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Ichiro Betrayed By Cosmos, Mariners Loss Ruins Beautiful Sunday

To be continued
To be continued

I can sit here and rationalize all that I want to. The Mariners may not have deserved to win the game yesterday, given all the trouble they got themselves into. They may not have deserved to win the game today, given that they scored their two runs by not swinging and letting Bobby Jenks throw terrible pitches. And, in the end, they went 5-1 on a road trip that had them play two decent teams, vaulting themselves up from a collection of also-rans to the level of the interesting. I couldn't have asked for much more than the Mariners gave over the past week of play, and while they lost today, it was only one loss, and by the narrowest of margins.

And still, this is a loss that tastes bad going down and sits in the stomach, like my last attempt at almond milk. It doesn't matter what the Mariners did before today - those games were already in the books. It doesn't matter that the Mariners were probably being outplayed - the score was 2-2. What matters is that they had a chance for a sweep, and a sweep in Fenway no less, and they lost it, and they lost it in large part because of a sun ball.

I remember back in 2008, the Mariners had a one-run lead in Toronto in the bottom of the 10th, and with the bases loaded and two outs, somebody hit a line drive to Ichiro that he dropped, allowing the tying and winning runs to score. This isn't the first time that he's made a critical misplay in the outfield, and unlike in Toronto, today he was battling the sun. Ichiro said he couldn't see the ball at all, and while there are ways for fielders to block the sun from their eyes, Jed Lowrie's liner was hit sufficiently hard that Ichiro didn't have a ton of time to adjust. It was a tough play for Ichiro, and it wound up bad luck for him, and good luck for the Red Sox.

But it sucks so bad to lose because of a twist of bad luck. You'd rather Jed Lowrie have taken that ball out of the park, like it looked like he did off the bat, because at least then you could say that Lowrie did the damage. Instead, Lowrie hit a ball in the air and the sun did a lot of the damage, and losing in large part because of a ball of flaming gas feels like losing in large part because of a bad call by an umpire. You always want to see the game decided by the players.

I guess Ichiro should've made the catch. It was hard, but not impossible. Jamey Wright should've thrown Lowrie a better pitch. Wright still had to give up the well-hit single by Carl Crawford a few minutes later. It's not like the sun can be blamed for the whole losing effort, and even if Wright had escaped, the game was only tied, and there was no guarantee the Mariners would later take the lead. The sun was a factor, but by no means the only factor.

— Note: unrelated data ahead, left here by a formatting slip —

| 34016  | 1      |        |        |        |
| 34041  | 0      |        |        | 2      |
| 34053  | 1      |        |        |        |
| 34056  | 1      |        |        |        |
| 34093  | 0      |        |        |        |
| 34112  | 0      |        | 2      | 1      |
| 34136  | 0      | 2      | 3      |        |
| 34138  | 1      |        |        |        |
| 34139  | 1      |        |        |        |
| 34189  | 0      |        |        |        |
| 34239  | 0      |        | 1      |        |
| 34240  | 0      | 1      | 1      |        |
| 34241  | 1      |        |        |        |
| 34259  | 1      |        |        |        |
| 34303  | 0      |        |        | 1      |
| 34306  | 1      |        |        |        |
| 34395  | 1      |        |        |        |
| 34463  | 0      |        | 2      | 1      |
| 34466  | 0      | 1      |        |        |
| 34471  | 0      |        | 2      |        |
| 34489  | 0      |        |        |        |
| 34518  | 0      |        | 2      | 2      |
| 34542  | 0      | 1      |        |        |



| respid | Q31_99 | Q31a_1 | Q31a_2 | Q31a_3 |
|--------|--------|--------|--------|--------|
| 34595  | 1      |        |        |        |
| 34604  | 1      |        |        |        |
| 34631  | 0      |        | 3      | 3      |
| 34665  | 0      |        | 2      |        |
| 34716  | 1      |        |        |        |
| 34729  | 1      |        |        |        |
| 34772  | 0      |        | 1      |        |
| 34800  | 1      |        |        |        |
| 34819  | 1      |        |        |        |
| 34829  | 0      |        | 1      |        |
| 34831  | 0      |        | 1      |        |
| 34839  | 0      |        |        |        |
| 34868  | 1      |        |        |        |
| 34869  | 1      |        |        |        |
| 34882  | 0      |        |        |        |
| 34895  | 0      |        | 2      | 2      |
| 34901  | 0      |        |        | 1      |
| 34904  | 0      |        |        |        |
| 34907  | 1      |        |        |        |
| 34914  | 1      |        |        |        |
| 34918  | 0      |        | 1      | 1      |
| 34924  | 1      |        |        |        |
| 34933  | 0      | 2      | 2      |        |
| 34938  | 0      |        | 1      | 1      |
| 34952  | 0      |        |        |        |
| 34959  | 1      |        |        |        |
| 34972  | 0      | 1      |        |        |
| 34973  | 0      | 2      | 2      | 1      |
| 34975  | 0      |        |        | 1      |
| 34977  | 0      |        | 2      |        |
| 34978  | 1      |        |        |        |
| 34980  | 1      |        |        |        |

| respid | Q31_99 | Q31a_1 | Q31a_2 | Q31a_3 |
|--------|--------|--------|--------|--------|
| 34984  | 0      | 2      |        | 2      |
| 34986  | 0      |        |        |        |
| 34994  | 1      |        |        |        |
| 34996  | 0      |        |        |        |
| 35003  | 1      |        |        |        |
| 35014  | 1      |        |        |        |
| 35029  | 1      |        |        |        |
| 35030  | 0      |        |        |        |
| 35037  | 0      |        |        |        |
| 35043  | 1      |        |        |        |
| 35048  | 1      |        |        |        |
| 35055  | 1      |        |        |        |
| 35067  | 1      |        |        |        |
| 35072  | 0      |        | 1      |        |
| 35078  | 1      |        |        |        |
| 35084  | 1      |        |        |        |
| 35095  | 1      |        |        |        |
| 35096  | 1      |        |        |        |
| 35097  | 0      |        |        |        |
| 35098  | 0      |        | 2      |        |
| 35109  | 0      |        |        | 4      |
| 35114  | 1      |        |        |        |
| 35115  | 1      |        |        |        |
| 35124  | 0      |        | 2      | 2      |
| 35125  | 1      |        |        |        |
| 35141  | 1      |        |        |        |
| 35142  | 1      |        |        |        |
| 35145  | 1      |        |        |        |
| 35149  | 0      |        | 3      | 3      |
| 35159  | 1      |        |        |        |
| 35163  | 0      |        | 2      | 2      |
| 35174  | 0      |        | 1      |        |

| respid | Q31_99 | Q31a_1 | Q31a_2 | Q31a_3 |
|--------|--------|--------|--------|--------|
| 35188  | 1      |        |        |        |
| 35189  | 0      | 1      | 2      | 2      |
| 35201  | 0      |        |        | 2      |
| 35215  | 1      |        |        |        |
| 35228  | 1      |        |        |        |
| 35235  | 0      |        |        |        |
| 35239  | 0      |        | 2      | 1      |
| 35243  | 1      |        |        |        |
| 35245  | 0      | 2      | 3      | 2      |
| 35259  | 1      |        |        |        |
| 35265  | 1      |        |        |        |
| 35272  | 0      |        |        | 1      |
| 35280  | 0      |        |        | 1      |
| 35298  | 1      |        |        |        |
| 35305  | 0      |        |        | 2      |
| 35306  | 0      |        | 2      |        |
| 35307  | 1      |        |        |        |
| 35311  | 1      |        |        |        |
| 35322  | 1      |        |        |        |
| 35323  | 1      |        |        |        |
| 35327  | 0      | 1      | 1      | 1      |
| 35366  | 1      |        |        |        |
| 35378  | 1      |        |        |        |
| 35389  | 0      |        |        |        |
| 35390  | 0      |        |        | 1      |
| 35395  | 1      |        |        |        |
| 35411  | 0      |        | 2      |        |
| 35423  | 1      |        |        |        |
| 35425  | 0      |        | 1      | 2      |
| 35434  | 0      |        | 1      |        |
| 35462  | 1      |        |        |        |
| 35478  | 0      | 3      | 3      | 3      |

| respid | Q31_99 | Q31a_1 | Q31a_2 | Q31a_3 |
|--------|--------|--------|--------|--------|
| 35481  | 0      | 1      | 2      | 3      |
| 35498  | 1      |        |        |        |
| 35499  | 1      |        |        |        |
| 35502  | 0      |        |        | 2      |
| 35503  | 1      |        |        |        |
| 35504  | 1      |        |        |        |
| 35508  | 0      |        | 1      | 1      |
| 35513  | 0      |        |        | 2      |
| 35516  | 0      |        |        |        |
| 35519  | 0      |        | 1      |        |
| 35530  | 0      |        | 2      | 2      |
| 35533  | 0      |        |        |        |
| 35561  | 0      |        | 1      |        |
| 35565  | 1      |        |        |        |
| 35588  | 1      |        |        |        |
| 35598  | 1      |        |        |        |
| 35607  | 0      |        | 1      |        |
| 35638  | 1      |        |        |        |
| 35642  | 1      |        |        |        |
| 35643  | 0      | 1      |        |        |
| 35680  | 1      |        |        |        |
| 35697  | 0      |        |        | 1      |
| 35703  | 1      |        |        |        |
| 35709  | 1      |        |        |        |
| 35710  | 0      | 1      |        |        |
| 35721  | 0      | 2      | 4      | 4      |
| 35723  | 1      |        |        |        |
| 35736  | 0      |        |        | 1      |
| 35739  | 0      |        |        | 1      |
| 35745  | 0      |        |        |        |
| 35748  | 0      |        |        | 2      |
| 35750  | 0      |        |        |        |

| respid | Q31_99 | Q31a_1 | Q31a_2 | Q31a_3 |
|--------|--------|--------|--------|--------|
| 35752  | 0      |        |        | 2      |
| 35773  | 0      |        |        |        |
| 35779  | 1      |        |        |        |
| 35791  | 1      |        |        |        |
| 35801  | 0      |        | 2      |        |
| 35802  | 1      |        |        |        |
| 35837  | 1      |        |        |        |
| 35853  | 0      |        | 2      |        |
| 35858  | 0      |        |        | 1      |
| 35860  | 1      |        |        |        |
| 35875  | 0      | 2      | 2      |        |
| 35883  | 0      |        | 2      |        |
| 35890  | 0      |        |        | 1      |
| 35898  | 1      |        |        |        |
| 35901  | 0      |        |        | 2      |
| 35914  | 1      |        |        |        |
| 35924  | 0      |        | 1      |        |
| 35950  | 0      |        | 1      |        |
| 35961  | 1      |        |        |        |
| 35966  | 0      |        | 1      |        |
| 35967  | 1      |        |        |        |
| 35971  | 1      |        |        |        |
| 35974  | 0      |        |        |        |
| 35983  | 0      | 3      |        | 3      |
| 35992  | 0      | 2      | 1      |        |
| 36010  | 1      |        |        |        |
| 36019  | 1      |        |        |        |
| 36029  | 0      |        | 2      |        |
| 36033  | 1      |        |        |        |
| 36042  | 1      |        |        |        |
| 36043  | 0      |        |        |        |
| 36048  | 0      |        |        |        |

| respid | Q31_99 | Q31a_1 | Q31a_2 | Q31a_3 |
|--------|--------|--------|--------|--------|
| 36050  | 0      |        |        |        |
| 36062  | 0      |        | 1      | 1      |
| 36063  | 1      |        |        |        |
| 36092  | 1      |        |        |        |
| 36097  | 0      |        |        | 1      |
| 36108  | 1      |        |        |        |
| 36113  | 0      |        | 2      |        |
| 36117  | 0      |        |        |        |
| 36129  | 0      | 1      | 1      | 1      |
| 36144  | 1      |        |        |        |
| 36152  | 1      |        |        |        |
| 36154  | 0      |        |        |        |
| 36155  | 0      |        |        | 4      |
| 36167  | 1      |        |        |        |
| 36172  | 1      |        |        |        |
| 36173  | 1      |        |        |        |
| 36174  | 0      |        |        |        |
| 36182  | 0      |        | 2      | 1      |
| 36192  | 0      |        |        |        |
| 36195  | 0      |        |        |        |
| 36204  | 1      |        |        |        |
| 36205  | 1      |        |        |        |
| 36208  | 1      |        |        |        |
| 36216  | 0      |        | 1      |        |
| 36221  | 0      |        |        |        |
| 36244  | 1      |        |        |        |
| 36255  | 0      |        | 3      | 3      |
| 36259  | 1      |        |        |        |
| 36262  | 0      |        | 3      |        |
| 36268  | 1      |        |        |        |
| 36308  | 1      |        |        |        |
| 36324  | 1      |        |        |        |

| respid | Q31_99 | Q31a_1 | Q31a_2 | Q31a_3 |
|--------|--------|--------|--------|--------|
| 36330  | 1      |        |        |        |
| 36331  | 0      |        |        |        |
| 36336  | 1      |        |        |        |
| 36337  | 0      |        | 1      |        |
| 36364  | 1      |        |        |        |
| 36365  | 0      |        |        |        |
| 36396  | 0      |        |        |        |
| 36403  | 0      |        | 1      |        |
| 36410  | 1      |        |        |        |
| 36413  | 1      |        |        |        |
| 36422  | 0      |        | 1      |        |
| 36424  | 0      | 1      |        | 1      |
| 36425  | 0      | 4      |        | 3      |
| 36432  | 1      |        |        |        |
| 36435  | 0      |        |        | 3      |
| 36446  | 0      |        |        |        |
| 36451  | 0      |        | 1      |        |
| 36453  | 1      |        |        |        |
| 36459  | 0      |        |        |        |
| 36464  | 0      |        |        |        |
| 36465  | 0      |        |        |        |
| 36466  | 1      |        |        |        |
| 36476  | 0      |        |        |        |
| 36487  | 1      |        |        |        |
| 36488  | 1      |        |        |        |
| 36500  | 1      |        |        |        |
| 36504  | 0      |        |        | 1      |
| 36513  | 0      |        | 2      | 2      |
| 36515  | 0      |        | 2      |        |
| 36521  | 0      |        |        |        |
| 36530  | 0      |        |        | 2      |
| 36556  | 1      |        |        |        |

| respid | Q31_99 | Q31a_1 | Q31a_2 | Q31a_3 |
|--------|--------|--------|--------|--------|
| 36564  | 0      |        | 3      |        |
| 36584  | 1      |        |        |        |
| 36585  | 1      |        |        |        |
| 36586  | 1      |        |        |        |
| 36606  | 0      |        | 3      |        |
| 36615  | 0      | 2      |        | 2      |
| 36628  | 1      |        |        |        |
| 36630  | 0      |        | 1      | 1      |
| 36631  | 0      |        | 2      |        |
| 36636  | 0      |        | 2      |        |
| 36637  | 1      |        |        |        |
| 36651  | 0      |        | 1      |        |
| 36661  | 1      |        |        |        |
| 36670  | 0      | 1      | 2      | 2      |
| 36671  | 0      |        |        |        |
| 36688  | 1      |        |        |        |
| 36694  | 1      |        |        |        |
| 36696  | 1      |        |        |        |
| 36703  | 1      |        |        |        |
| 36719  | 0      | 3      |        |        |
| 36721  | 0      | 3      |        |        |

Still, what a punch in the gut, and on a warm, cloudless, mean-spiritedly sunny Sunday afternoon. Now we get to linger on this for the rest of the day, and we get to linger on it all through Monday, too. There are so many positives that came out of this road trip, but I feel like it's going to be a little while before I can start appreciating them again.

I love weekend morning baseball. I love it when the Mariners are uninteresting, because it means the game and my work will be done in plenty of time for me to still make something of the day. And I love it when the Mariners are interesting, because I wake up with the rare bounce in my step, which I haven't done on a consistent basis since high school. I wake up with energy and excitement, and I can watch the Mariners in a bathrobe with coffee and a doughnut.

After paying close attention to last night's game by pretty much every means possible, I was all kinds of ready to see Felix Hernandez try to pitch the M's to a sweep. Sweeps are fun. Sweeps when you're decent are awesome. Sweeps when you're decent and playing in Boston are an experience you savor and write about in your Christmas cards. Felix vs. Tim Wakefield meant the M's were one solid effort away from a 6-0 road trip going into a day off.

Then the game got started, and it didn't start off real well. The M's took a bunch of weak swings against Wakefield, and Felix had to squeeze his way out of trouble in as long a first inning as you can have and still not allow any runs. Based on the early indications, Wakefield was destined to cruise, while Felix was going to have one of those somewhat wild games where he gets into too many deep counts. On paper, Felix/Wakefield was a mismatch, but to the eye this morning, it was awfully close to even.

The M's kept flailing away, and when David Ortiz drove in two runs with a Monster double in the third, I couldn't help but look ahead to the Red Sox bullpen. It didn't seem like the hitters were going to get anything started against the knuckleball, and I just hoped that Felix could hold the fort long enough for the lineup to get a chance against somebody else.

Thankfully, Felix settled down, and the Boston bullpen came into play in the top of the sixth. Apparently knuckleballers can't just up and throw 200 pitches upon request. And it's bizarre how familiar the ensuing Mariner rally felt. Following a couple singles, the Mariners took a walk, a walk and a walk to even things up. A pair of bases-loaded walks knotted the score, and we watched them happen without any inkling that that was really weird and rare. These are our Mariners.

Michael Saunders then hit a ball on the nose that off the bat looked like an RBI single, but Carl Crawford ranged over to make an easy catch, and so began the anxiety. It was a tie game in Fenway, and Felix seemed to be nearing the end of the line. Pretty soon, the M's would have to turn things over to the bullpen as well, which I don't think is ever going to make us comfortable.